Farewell, Afghanistan

US Marines stood guard during the change of command ceremony at Task Force Southwest military field in Shorab military camp of Helmand province, Afghanistan.

LIKE A DISTANT light at the end of an excruciatingly long tunnel, the prospect of American withdrawal from Afghanistan now seems to glimmer ahead. Several rounds of negotiation in Russia, Qatar, and elsewhere have produced the outlines of an agreement. Details are unknown, but by all accounts, the accord will be based around a simple deal: the United States pulls its troops out and the Taliban pledges to never again host terror groups.

This would be a most un-American peace deal. Rather than a declaration of victory, it would be a reluctant acceptance of stubborn facts on the ground. Afghans repelled British invaders in the 19th century and Soviet invaders in the 20th. For nearly two decades they have held the United States at bay. By leaving Afghanistan to its fate, we would be admitting failure. This horrifies many in Washington. Americans fervently embrace the illusion that their country can succeed at anything — including crushing mountain fighters thousands of miles away who believe they are patriots resisting a foreigner invader.

This month, 70 members of the US Senate voted to reprimand President Trump for daring to consider “precipitous withdrawal” from Afghanistan — as if leaving after 18 years could be considered precipitous. Retired generals and other doom-mongers have warned that the only way to secure our homeland is to occupy Afghanistan forever — “to protect our values for as long as it takes,” in the words of Ryan Crocker, a former US ambassador to Afghanistan. That would mean indefinitely extending a project that has no prospect of success and costs a staggering $45 billion per year. Ambassador Crocker asserts that withdrawal would “effectively be a surrender, and we’re just negotiating the terms.” He’s right. It might delicately be called “negotiated capitulation.” By whatever name, it requires facing unpleasant reality.

To withdraw from Afghanistan would be to acknowledge the limits of American power. Some consider that unthinkable — an intolerable loss of face and a dangerous admission of impotence. Yet the United States bleeds strategic power by pursuing doomed missions. It never made sense for us to spend our blood and treasure supporting a spectacularly corrupt regime in the landlocked heart of Central Asia. Presidents Bush and Obama, fearing the political consequences of admitting failure, hid behind the rhetoric of “continuing threats” and “finishing the job” to keep the Afghan war going. That appealed to our “can-do” mentality — the quintessentially American belief that if you want something badly enough and work for it hard enough, you’ll achieve it. By suing for peace in Afghanistan, we are admitting how costly that fantasy can be.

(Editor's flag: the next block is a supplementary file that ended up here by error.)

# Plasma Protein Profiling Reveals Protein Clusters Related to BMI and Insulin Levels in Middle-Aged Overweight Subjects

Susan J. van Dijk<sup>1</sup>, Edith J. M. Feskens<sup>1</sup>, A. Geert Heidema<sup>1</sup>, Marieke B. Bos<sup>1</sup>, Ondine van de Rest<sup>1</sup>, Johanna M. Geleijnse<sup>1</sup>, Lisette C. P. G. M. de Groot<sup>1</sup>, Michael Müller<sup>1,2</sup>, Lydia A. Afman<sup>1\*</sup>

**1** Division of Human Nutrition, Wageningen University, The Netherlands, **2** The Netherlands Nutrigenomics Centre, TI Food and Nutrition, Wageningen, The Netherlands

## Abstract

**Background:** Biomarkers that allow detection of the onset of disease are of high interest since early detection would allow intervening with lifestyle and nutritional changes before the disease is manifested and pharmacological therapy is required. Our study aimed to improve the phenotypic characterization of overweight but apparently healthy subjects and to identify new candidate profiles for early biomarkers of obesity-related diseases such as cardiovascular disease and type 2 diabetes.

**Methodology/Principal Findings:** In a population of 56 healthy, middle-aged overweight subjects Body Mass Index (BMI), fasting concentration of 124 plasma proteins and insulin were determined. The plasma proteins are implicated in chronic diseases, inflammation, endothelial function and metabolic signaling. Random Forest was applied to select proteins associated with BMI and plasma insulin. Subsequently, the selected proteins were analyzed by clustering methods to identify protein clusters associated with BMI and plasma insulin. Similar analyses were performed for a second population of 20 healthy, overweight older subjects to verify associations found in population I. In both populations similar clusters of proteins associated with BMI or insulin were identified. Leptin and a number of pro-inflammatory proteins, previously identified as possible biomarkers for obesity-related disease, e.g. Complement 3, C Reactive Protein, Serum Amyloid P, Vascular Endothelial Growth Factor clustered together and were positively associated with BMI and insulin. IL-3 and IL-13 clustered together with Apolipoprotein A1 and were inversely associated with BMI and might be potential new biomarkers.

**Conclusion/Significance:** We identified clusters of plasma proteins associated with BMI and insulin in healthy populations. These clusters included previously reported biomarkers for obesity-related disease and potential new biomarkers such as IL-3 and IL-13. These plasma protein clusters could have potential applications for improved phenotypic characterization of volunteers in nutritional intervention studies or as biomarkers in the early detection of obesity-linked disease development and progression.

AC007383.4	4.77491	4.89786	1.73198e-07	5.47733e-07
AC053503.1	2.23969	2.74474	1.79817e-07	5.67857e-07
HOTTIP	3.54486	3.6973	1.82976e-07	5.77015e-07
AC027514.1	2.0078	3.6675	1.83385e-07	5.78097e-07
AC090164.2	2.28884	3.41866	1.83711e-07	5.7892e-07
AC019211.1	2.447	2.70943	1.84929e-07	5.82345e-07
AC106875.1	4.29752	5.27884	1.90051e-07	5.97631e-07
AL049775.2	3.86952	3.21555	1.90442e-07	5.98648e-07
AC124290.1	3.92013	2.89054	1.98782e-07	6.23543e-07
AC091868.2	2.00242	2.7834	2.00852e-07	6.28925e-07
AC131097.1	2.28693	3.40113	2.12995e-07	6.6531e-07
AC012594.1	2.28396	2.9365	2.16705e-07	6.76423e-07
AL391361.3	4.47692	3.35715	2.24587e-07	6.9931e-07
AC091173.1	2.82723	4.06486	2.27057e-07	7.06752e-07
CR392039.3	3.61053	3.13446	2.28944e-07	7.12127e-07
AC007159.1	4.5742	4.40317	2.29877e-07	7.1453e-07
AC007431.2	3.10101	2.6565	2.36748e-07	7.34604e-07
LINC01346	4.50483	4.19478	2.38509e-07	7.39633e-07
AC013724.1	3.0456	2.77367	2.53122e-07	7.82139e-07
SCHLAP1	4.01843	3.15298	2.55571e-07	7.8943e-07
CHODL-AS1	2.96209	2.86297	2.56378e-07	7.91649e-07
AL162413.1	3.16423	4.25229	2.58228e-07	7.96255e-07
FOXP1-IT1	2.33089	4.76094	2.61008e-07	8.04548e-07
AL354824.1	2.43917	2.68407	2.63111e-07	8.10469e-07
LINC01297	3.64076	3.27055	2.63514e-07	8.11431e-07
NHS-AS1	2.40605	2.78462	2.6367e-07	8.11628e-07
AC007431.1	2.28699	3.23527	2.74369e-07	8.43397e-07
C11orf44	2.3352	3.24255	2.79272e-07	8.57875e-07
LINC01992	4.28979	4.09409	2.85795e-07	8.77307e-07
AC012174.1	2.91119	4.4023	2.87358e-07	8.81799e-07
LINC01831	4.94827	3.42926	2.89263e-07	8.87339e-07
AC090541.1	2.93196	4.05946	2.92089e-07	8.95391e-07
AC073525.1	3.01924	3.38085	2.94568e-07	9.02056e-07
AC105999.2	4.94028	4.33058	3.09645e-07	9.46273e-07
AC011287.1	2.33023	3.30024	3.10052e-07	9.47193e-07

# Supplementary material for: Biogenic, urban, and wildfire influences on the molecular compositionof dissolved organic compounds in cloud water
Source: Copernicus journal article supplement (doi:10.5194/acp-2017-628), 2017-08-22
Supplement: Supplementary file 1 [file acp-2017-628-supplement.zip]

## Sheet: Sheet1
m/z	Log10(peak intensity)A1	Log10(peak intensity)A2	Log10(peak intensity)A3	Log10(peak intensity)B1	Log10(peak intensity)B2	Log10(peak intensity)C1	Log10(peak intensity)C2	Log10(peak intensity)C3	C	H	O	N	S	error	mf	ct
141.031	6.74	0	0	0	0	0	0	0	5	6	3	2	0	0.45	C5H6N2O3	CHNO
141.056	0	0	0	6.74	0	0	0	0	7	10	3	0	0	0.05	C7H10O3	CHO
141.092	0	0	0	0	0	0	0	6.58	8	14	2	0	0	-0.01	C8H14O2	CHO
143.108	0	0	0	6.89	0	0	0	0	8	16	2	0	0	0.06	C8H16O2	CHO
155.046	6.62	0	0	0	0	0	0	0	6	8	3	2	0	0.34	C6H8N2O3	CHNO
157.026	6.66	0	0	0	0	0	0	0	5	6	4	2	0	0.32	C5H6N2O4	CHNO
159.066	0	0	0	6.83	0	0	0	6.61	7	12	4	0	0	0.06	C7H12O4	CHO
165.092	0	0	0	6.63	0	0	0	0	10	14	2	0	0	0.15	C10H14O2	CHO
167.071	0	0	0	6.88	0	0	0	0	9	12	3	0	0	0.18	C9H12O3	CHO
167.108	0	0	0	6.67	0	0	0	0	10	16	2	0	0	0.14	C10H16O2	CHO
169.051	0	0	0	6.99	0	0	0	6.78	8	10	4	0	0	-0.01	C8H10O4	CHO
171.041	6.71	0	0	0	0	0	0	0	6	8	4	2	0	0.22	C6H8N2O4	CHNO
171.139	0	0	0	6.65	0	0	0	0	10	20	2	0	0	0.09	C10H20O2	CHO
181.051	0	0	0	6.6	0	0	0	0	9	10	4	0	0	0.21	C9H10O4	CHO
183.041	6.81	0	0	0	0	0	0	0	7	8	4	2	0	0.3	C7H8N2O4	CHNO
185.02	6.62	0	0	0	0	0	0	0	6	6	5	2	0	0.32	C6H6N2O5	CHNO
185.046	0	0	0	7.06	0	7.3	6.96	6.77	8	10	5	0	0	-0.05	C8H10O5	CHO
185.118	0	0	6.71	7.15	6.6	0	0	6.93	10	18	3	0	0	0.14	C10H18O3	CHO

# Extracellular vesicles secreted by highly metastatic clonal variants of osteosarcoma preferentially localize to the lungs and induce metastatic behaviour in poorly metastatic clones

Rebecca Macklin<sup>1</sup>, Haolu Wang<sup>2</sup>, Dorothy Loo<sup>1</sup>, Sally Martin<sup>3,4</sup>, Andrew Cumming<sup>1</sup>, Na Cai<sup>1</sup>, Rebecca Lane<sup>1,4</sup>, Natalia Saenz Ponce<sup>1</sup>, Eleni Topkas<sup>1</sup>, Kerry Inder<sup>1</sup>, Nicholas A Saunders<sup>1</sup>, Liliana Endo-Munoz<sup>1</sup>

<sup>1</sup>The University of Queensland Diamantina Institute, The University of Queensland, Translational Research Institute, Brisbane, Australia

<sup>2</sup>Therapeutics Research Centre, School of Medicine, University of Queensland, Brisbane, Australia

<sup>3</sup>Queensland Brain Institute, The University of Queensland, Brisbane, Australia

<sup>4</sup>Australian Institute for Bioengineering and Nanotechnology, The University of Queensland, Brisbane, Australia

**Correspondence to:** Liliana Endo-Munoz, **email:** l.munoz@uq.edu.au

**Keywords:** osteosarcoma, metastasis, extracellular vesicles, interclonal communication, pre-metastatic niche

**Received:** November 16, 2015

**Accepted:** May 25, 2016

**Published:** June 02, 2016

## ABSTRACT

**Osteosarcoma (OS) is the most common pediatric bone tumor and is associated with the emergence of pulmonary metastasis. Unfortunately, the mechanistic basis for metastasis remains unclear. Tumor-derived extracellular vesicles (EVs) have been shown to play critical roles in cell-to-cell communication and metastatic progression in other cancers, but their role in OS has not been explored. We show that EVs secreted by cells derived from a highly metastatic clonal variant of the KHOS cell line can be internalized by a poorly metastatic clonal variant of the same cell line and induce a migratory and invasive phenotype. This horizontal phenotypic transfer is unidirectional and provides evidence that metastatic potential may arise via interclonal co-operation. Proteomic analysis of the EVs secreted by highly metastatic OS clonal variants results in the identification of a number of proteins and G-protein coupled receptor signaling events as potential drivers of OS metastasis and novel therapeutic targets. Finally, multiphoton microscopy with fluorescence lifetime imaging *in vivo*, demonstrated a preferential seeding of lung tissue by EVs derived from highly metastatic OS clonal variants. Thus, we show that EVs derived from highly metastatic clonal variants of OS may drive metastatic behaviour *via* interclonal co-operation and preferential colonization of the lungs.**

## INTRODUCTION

Given the power of pro-war lobbies in  Washington, US withdrawal from Afghanistan is hardly a done deal. But if it does happen, what would it mean? The government of President Ashraf Ghani might collapse. Violence would probably continue as armed factions vie for power. The Taliban would insist on either a strong central government that they would dominate, or a weak one that would allow them to govern their Pashtun heartland. Social evils that the Taliban condemns, like pederasty and the heroin trade, would probably be curbed. Women’s rights would be restricted — although perhaps not more than under the current regime, whose greatest achievement in this area is raising Afghanistan from its position as the most dangerous country in the world for women (2011) to the second-most (2018). Levels of corruption might drop. Much of what happens will look bad to us — except that we will no longer be there.

The best way for the United States to withdraw from Afghanistan would be to coordinate our withdrawal with nearby countries. They have an even more urgent interest in a stable Afghanistan than we do. Yet because “they” includes countries we consider rivals or enemies — China, Russia, Iran, and Turkey — we are reluctant to cooperate with them. Nor do we like the idea of shaping regional policy together with our European allies. Their governments are eager to help stabilize Afghanistan, because another surge of Afghan immigrants could devastate European politics by giving new fuel to right-wing populists. But because Europe’s policy toward Central Asia includes accommodating Iran — an essential buffer to future migrant flows — the United States cannot accept it. Our reluctance to hand off our Afghan project to Asian and European powers is shortsighted and self-defeating. We should be grateful for the chance to escape from an inferno we did so much to create.

No imperial power willingly admits defeat in a distant conflict. The only way to do it is to realize that pushing ahead would be even more painful. Western powers faced this dilemma in 1954, after Communist forces overran the French garrison at Dien Bien Phu in Indochina. The French knew they had been defeated and prepared to withdraw. Prime Minister Winston Churchill of Great Britain agreed that there was no alternative, because “the loss of the fortress must be faced.” American leaders refused to face that truth. Instead they launched a new war in Vietnam, with devastating consequences for all parties. President Nixon finally accepted defeat 30 years later. He called it “peace with honor.” If word play like that allows us to escape Afghanistan, we should cheer.

Stephen Kinzer is a senior fellow at the Watson Institute for International and Public Affairs at Brown University.

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